“The main benefits of these solutions can be summarized in the following points: it enables twice the power output, in a 1U rack server, doubling the power density compared to silicon MOSFETs; 99% efficiency in AC/DC power delivery applications; Integrated, high-speed protection and digital temperature for power supply units (PSUs),” said Tom.
The dead time loss is related to the reverse conduction voltage of the device. For Si MOSFETs, this voltage is determined by its body-diode’s characteristics. For GaN, the reverse conduction voltage depends on the third quadrant characteristic (figure 3 and 4).
Figure 4: Simplified Behavior Of GaN in 1st and 3rd Quadrant (Source: Texas Instruments)
LMG3522R030-Q1 and LMG3525R030-Q1 650-V are automotive-grade of this family. “They reduce the size of electric vehicle (EV) onboard with 2.2-MHz integrated gate driver,” said Tom.
All versions have boards for fast implementation in various applications. They are configured to have a socket-style external connection for easy interface with external power stages.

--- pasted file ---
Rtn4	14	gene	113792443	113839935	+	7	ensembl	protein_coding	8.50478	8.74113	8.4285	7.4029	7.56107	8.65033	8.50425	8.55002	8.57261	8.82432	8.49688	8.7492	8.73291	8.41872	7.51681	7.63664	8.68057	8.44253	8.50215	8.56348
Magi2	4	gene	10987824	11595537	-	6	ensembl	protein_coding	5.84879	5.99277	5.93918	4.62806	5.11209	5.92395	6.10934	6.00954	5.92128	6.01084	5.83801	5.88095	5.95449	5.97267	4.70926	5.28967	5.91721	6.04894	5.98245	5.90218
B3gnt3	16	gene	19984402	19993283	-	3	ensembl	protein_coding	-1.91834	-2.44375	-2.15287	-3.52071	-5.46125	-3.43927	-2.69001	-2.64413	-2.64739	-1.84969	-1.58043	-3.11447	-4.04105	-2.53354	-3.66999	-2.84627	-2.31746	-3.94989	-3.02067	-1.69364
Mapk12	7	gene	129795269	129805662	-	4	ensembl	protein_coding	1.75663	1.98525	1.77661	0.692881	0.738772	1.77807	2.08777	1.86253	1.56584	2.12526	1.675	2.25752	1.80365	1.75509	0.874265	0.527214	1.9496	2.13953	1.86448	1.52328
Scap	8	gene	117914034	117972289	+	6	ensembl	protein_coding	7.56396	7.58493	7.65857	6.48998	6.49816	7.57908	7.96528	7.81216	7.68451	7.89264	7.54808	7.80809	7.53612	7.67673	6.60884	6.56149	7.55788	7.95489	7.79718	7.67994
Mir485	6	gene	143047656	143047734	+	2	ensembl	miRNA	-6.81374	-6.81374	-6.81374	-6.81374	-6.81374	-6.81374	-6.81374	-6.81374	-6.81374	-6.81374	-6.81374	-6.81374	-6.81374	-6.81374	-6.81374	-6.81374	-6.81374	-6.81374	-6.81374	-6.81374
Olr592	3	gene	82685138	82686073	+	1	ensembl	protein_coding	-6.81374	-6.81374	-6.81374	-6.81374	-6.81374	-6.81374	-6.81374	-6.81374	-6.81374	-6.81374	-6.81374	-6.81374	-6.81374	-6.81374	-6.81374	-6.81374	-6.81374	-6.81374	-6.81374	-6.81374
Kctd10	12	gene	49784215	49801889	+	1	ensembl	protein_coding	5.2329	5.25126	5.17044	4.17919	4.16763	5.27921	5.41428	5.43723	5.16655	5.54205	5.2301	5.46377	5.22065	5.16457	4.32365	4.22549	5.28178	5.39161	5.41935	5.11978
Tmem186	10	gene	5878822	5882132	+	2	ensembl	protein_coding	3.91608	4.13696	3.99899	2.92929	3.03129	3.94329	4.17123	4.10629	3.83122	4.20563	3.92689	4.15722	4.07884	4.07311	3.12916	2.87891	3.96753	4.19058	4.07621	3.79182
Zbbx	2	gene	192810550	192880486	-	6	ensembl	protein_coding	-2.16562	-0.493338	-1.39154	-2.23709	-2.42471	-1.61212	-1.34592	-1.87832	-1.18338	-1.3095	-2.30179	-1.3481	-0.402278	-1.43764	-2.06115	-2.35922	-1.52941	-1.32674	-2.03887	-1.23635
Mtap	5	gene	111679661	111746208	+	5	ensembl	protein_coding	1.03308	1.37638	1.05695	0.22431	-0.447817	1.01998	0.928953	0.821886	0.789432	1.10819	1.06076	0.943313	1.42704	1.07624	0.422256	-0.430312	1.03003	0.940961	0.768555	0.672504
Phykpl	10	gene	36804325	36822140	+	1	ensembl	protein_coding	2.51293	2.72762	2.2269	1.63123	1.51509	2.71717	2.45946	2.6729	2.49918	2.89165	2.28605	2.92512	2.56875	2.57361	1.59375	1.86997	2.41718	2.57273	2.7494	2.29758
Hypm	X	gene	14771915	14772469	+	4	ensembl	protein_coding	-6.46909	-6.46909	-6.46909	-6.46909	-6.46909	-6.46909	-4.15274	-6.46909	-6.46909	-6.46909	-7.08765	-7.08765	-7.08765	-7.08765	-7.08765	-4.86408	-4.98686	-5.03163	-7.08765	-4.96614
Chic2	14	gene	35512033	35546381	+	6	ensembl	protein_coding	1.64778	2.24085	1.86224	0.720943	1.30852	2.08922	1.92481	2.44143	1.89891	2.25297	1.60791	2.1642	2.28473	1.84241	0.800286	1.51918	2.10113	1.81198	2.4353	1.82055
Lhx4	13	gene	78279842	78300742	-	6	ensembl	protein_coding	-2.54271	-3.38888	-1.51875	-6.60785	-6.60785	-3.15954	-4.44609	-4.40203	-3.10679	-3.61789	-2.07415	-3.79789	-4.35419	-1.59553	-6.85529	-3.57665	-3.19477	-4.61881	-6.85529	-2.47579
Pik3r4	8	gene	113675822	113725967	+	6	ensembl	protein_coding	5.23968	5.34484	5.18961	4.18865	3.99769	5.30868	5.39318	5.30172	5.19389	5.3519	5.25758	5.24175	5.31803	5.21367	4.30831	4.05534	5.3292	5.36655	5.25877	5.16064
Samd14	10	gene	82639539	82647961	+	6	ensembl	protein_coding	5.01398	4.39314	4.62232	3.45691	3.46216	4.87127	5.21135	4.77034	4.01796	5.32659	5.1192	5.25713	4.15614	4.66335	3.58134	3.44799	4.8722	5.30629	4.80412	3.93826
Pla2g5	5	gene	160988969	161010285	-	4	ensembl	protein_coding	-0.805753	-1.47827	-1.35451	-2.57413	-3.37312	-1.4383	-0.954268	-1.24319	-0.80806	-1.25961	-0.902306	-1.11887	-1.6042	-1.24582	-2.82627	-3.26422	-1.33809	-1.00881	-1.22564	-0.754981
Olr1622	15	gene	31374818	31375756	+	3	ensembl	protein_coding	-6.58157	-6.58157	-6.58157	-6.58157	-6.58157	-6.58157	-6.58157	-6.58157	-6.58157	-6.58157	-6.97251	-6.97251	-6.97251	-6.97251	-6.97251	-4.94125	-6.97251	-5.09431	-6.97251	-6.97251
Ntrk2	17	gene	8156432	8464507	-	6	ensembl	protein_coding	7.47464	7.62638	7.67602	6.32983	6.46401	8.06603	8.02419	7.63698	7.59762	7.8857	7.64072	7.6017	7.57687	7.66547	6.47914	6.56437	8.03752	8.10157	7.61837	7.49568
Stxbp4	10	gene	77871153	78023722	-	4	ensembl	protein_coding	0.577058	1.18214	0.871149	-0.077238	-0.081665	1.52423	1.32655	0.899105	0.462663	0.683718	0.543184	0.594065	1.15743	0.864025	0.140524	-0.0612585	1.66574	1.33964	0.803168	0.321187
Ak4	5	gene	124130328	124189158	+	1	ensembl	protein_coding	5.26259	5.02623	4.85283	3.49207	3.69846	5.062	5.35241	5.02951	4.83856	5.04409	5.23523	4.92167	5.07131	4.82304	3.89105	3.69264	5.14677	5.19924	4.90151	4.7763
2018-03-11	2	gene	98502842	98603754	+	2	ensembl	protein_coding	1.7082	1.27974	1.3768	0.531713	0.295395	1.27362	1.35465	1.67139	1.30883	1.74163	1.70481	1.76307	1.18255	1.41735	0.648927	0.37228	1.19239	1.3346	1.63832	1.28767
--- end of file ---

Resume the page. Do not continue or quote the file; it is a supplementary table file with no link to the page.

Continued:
Designers of switching power supplies are continually seeking to increase power density while increasing efficiency. GaN devices enable solutions with higher power density than super junction FETs. But at the same time, they also require careful circuit, process, and material engineering: i.e., high-quality GaN crystal growth, dielectric optimization, and test optimization through new JEDEC JC-70 guidelines for switching reliability evaluation procedures for gallium nitride power conversion devices.
This article was originally published on EEWeb.
Maurizio Di Paolo Emilio holds a Ph.D. in Physics and is a telecommunication engineer and journalist. He has worked on various international projects in the field of gravitational wave research. He collaborates with research institutions to design data acquisition and control systems for space applications. He is the author of several books published by Springer, as well as numerous scientific and technical publications on electronics design.